As is their wont, most media covering Friday’s US international trade report paraphrased the first sentence of the Census Bureau’s release, noting the trade gap shrank in the month. And it’s true: The trade gap fell by $2.6 billion. As we’ve written, the trade gap isn’t a very useful tool in assessing actual economic health. It might help one set expectations for GDP—due to GDP’s wonky net exports component. But more important are the specifics.
Behind April’s declining trade gap (positive for GDP) stands a -0.8% decline in exports, but one offset by a -1.6% decline in imports. Not a stellar reading. And with many preexisting fears surrounding Europe ongoing, many might be tempted to presume the two are related—and posit Europe’s weakness is poised to cross the Atlantic. And many media reports cited a roughly 11% dip in exports to Europe. So there you have it, right?
We’d caution against leaping to such conclusions. As shown in Exhibit 1, trade data are subject to rather sharp swings, so a monthly gyration to the downside isn’t very surprising. Simply, trade is just very volatile.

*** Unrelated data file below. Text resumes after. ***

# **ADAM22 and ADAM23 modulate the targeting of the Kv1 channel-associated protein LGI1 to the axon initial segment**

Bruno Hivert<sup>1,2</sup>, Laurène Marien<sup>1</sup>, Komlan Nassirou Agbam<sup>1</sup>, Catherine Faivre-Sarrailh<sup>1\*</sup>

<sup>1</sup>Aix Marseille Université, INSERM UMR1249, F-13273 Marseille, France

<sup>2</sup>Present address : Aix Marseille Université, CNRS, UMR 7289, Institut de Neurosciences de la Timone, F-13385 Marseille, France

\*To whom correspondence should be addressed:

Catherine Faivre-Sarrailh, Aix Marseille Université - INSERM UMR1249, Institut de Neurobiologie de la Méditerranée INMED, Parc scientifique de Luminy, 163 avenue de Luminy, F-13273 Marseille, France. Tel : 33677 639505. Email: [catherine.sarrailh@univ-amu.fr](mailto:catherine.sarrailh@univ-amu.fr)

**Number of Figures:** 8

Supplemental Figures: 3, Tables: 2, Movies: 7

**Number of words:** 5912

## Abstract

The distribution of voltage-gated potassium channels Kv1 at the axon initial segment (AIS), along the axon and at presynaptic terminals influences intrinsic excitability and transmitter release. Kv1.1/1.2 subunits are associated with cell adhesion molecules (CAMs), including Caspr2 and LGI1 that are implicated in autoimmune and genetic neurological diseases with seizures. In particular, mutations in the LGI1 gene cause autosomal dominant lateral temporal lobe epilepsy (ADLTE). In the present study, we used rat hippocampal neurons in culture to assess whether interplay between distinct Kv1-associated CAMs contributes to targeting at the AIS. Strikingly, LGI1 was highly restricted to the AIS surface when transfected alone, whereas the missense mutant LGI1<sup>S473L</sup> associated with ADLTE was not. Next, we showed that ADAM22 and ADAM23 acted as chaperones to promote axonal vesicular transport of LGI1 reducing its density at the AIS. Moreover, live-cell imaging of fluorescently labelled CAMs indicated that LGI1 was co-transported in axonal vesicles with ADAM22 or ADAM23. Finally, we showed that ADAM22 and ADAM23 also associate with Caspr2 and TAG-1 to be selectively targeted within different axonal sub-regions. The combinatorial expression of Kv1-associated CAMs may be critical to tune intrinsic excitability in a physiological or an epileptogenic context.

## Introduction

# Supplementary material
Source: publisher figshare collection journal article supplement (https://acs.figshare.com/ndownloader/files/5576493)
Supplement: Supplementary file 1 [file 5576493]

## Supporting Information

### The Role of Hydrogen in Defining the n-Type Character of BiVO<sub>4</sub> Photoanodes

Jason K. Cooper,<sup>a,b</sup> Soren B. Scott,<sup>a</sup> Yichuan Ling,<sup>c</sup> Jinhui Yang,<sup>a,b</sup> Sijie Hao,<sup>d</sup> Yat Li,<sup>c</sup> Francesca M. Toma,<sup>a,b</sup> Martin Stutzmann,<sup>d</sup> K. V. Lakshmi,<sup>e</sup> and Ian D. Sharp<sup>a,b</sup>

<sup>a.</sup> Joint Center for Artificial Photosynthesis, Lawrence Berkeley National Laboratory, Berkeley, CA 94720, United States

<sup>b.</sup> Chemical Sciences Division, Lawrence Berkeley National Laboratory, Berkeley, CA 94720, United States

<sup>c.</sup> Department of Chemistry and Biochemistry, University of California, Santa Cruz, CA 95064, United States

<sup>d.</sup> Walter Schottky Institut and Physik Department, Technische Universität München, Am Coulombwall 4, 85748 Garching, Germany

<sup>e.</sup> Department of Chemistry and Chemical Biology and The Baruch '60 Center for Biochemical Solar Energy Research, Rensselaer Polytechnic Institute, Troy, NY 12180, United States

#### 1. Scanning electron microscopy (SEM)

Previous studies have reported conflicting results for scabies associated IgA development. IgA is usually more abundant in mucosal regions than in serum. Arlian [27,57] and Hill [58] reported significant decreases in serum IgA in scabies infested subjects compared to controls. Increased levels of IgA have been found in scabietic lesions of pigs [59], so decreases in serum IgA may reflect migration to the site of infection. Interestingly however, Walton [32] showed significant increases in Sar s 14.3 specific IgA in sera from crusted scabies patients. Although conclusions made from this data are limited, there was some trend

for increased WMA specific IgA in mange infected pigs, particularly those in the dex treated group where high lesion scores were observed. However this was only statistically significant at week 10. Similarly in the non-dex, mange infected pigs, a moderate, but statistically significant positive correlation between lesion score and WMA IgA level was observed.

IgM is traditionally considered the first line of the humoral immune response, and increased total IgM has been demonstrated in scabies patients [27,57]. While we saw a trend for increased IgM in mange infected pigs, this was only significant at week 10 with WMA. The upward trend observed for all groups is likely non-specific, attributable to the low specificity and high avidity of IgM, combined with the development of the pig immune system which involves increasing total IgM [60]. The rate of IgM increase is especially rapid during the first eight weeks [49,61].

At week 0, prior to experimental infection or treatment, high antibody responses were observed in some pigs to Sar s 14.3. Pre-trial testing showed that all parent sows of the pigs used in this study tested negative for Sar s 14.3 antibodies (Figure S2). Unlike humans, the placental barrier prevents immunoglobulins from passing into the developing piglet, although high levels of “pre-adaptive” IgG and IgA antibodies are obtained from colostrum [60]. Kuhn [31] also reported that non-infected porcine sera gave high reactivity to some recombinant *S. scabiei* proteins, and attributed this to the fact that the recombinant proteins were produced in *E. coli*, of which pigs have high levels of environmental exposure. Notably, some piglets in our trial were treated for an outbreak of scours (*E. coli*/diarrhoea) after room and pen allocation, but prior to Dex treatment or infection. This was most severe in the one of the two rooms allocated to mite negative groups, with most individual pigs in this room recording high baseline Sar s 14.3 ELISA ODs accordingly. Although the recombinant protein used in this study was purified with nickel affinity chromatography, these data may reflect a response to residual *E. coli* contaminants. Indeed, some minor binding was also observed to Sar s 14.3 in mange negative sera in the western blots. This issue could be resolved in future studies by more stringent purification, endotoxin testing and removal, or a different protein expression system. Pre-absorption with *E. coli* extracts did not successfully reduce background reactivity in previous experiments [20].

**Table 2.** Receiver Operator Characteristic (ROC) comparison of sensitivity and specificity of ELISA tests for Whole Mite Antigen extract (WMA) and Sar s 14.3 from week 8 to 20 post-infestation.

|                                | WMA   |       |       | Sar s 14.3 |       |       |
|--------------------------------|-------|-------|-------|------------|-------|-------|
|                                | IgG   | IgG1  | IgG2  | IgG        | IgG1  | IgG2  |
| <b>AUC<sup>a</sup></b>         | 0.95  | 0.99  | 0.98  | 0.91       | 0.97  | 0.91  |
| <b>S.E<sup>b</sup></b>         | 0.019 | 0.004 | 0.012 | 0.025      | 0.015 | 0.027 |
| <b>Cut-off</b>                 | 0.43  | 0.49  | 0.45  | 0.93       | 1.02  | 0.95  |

Exhibit 1: US Total Trade (Exports Plus Imports), Percent Change from Prior Month
Source: US Census Bureau, April 2007 – April 2012
April’s total trade downshift follows a March surge to an all-time high (see Exhibit 2). As such, fretting about a month’s decline seems a bit premature.
Exhibit 2: US Total Trade (Millions of USD)
Source: US Census Bureau, January 2000 – April 2012.
As it pertains to Europe, keep in mind the European Economic and Monetary Union (EMU—the 17 nations using the euro) constitutes roughly 13% of US trade—down markedly from prior decades.i And, comparing 2012’s first four months with 2011’s, US exports to the EMU are up 1.6%.
iSource: US Census Bureau.